Many cryptocurrency investors are unsure of whether to report profits from their digital currency transactions and, if so, how to go about it.
In short, if you have sold, spent, or offered a cryptocurrency, you may need to report any profits (or gains on investment) made through the HM Revenue & Customs Self-Assessment Income Tax Return process.
Potential penalties for not reporting these profits include fines and interest charges, so getting it right is critical.
Here’s what you need to do and the potential tax liability associated with it.
UK tax rules for crypto-assets
The confusion with crypto taxes is that while you can keep coins in a digital wallet and use them to pay for goods or services, they are not treated the same as money or a foreign currency.
HMRC defines four categories:
- Exchange tokens are intended for payments or investment. Bitcoin, for example, is a type of exchange token.
- Utility tokens give the owner access to specific goods or services. For example, a business can issue tokens or accept them as a form of payment. Owners can trade utility tokens through exchanges or peer-to-peer transactions, just like an exchange token.
- Security tokens indicate an interest or commercial right, which can mean ownership of shares in a company, the right to a portion of future profits, or a specific payment.
- Stablecoins are designed to be less volatile and are a crypto asset linked to an existing conventional currency or a precious metal.
You need to know what types of tokens you have since the tax treatment will be based on this categorization.
How does HMRC tax cryptocurrency profits?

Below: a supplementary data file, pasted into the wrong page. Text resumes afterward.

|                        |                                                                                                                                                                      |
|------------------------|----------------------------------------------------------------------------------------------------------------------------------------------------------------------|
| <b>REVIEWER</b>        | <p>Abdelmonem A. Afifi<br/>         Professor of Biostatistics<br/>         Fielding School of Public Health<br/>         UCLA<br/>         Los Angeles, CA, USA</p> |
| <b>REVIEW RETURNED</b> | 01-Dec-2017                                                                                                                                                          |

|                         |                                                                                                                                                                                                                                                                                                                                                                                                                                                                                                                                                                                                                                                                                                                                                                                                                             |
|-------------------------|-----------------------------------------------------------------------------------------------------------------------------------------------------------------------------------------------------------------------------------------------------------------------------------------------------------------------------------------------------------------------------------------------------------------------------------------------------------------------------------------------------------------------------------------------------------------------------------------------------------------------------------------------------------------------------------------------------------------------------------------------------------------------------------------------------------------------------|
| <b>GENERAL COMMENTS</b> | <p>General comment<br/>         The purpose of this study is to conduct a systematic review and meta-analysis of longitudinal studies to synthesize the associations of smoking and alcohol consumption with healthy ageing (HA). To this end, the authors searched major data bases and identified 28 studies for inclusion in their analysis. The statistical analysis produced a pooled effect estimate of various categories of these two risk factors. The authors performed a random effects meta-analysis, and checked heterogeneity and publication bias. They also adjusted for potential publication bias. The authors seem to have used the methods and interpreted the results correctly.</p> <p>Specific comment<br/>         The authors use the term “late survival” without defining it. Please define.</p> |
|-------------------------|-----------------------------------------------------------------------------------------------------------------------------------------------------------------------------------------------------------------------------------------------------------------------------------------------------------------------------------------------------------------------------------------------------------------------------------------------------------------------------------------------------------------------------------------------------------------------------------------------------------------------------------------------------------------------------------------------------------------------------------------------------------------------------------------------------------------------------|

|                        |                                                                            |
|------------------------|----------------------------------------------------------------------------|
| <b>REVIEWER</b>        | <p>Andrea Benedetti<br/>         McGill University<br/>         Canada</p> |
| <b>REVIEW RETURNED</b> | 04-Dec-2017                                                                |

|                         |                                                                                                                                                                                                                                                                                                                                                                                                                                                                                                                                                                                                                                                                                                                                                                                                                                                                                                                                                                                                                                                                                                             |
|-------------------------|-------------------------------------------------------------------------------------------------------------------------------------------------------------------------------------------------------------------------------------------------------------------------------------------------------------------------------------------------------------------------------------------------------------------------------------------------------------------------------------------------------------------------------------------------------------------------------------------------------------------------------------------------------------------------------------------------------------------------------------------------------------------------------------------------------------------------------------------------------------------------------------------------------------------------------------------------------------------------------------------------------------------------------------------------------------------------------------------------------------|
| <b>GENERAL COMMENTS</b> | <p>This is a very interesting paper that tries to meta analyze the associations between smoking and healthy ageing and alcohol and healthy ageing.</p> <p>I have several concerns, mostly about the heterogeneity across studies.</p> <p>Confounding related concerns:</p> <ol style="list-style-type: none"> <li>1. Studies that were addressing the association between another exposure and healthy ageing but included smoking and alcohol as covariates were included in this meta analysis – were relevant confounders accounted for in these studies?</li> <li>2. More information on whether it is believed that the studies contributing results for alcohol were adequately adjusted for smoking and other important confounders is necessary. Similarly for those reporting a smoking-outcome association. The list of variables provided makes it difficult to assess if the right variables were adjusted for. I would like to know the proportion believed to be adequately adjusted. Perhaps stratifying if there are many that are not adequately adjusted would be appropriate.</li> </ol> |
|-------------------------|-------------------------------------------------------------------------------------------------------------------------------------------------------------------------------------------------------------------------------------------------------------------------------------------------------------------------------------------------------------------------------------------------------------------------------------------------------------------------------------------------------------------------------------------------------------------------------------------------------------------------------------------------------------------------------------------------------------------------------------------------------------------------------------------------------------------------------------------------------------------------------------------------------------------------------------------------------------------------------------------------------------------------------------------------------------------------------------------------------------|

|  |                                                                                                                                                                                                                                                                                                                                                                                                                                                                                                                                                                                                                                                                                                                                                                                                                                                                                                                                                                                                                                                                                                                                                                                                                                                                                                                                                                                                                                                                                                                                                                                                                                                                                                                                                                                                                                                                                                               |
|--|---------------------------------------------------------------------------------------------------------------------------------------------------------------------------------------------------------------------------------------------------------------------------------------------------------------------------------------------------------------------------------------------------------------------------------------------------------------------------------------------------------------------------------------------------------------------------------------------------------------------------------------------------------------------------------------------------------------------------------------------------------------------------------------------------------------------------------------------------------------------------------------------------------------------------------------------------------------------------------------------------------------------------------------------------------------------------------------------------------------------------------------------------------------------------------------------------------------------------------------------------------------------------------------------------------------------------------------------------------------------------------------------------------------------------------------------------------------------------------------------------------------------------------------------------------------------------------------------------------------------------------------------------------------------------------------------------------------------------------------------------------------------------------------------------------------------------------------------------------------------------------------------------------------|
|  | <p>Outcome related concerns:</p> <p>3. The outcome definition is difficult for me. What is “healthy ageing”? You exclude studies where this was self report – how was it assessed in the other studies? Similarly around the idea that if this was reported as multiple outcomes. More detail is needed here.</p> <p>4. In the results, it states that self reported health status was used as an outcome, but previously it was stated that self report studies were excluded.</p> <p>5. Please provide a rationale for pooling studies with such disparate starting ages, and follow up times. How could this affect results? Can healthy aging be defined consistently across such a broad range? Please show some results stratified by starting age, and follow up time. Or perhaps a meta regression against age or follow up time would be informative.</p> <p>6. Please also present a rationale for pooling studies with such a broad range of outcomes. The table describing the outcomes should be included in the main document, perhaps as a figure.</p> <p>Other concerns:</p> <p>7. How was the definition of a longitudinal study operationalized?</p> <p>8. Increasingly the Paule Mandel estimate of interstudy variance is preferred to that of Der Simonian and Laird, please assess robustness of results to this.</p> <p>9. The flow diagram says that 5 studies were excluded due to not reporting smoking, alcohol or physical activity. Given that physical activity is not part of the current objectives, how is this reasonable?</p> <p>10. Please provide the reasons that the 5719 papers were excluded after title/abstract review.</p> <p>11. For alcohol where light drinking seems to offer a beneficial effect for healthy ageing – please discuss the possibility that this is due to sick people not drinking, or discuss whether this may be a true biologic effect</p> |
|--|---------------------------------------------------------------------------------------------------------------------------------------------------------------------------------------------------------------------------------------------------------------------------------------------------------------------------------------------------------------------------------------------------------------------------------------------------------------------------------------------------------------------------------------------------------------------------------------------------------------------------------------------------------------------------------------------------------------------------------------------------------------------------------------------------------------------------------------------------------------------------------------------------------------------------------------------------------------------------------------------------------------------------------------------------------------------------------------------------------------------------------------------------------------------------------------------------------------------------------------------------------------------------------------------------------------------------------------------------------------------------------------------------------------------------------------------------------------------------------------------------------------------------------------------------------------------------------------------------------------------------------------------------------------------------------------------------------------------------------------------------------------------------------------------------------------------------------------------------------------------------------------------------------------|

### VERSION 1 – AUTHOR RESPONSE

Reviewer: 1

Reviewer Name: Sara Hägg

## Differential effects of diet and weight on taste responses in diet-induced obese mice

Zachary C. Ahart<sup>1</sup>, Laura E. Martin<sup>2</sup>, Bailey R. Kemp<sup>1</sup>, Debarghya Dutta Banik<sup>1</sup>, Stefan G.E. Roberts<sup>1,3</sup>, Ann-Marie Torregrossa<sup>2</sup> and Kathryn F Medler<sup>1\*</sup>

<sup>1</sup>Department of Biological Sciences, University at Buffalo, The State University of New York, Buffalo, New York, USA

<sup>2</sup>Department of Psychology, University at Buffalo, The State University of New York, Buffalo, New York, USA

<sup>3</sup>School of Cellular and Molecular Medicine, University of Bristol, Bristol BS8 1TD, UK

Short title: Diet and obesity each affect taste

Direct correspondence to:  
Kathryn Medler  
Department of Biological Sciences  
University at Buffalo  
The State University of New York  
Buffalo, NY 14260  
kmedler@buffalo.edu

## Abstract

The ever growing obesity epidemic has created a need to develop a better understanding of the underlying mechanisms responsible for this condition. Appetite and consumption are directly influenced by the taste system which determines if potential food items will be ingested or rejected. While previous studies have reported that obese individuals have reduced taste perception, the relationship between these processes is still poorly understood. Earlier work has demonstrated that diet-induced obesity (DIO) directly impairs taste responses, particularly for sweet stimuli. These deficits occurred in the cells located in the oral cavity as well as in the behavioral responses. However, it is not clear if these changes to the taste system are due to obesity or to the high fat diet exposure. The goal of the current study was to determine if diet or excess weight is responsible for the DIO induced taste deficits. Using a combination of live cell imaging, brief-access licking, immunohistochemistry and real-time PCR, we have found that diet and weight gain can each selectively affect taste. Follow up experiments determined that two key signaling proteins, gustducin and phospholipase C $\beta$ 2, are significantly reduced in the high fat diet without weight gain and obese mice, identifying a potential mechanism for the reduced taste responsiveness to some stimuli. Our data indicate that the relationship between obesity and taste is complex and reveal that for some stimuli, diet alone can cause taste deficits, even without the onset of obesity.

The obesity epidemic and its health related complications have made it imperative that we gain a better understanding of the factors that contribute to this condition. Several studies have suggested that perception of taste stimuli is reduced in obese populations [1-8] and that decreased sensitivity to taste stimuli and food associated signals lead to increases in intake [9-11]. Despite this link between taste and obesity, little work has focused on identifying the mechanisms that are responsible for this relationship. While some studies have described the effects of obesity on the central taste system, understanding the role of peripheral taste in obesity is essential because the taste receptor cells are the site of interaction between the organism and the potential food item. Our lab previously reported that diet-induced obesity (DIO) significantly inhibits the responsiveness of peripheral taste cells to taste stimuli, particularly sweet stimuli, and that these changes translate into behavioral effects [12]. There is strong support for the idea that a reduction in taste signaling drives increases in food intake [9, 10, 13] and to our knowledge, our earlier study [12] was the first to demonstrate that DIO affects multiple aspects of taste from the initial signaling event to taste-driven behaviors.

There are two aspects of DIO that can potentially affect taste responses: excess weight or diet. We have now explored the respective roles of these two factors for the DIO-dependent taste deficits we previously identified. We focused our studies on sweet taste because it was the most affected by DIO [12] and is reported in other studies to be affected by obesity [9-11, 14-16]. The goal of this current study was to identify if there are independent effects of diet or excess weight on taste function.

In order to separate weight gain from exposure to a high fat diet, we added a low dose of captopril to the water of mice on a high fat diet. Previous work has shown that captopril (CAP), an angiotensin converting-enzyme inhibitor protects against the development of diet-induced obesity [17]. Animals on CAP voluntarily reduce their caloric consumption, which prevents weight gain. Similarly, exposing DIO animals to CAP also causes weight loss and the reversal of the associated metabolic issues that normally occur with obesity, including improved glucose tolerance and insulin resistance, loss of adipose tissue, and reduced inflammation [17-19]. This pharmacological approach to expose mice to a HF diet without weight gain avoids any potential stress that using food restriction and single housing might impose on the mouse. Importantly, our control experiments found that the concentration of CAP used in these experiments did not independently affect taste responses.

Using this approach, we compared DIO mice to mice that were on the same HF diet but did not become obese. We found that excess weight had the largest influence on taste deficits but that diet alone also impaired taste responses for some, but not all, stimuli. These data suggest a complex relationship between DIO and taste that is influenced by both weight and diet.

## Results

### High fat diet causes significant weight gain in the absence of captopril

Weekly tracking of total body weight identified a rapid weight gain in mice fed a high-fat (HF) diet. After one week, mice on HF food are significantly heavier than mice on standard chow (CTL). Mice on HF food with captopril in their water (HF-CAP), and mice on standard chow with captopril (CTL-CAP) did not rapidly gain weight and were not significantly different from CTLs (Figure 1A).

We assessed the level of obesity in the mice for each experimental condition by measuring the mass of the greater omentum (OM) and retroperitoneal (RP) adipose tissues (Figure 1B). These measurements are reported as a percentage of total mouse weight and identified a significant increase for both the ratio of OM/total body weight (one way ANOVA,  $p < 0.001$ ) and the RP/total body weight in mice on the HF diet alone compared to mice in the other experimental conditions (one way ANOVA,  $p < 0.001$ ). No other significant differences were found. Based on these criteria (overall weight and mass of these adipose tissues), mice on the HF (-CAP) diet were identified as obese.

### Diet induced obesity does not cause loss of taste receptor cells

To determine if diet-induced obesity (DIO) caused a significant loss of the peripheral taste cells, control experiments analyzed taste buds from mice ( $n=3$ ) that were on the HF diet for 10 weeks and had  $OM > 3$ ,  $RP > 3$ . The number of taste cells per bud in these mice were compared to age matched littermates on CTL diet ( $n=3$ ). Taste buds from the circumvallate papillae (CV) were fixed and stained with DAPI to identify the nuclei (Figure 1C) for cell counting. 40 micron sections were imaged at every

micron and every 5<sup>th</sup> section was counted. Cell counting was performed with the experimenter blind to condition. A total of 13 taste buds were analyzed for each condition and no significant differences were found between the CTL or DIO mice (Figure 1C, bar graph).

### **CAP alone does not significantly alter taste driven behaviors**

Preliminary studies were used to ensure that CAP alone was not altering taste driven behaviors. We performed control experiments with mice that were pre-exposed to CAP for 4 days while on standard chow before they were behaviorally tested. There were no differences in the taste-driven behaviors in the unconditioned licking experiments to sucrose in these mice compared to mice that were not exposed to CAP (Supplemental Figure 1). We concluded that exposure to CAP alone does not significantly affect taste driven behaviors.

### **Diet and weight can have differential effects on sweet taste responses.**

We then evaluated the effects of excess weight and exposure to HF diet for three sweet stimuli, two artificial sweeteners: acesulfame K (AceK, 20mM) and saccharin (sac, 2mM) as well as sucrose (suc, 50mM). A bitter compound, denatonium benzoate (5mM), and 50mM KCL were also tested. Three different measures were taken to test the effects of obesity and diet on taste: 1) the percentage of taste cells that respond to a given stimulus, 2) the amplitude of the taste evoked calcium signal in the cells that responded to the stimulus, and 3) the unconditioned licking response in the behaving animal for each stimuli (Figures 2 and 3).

Since crypto coins are an asset, you need to report profits made and pay the associated capital gains tax if you live in the UK as a taxpayer.
Everyone has a tax-free annual allowance (£ 12,300 for 2021/22), so anything over is taxable.
Note that the annual exempt amount, applied to capital gains tax, is not the same as your personal tax-exempt allowance, applied to income tax.
Let’s take a simple example to show how this might work in practice:
- You buy cryptocurrency for £ 8,000.
- It is appreciating and is now worth £ 12,000.
- You pay capital gains tax on your £ 4,000 profit.
The exact tax you pay depends on your overall income, but the tax rate will be 10 or 20 percent.
If you have no other capital gains and have not used your £ 12,300 allowance, you will not pay anything at all, but otherwise you will be taxable on the amount in excess of your allowance.
You must report the profit on a self-assessment income tax return, which may mean registering with HMRC if you are not receiving income other than through PAYE employment.
Crypto profits are sometimes income
HMRC considers some crypto asset transactions to be trading, which means capital gains tax does not apply, but income tax does.
UK profits from crypto transactions treated as income mean you’ll pay tax on the relevant tax bracket, minus your personal income tax allowance.
This could mean up to 45 percent liability for additional rate taxpayers.
Activities such as mining and staking are potentially subject to income tax, although this is unlikely.
Taxes on crypto-currencies offered
Capital gains tax rules mean that if you give cryptocurrency as a gift or exchange your coins for another currency, you have to pay a tax calculated based on the increase in value from the date of your initial investment and the date you made the gift or exchange.
The usual allowances apply and the crypto-assets offered are still taxable if your income is treated as income or subject to corporation tax as a business.
Declare losses on a crypto investment
You won’t need to pay tax if your crypto-assets have lost value and you’ve suffered a loss, but it’s worth reporting as you may be able to offset that loss with others. profits.
Loss relief is also available for businesses if you are negotiating through a UK business to reduce your corporation tax bill.
You will need to file your tax returns to claim the compensation.
HMRC won’t expect you to pay taxes if you haven’t done anything with your cryptoassets – so if you don’t trade them, there’s no profit to report.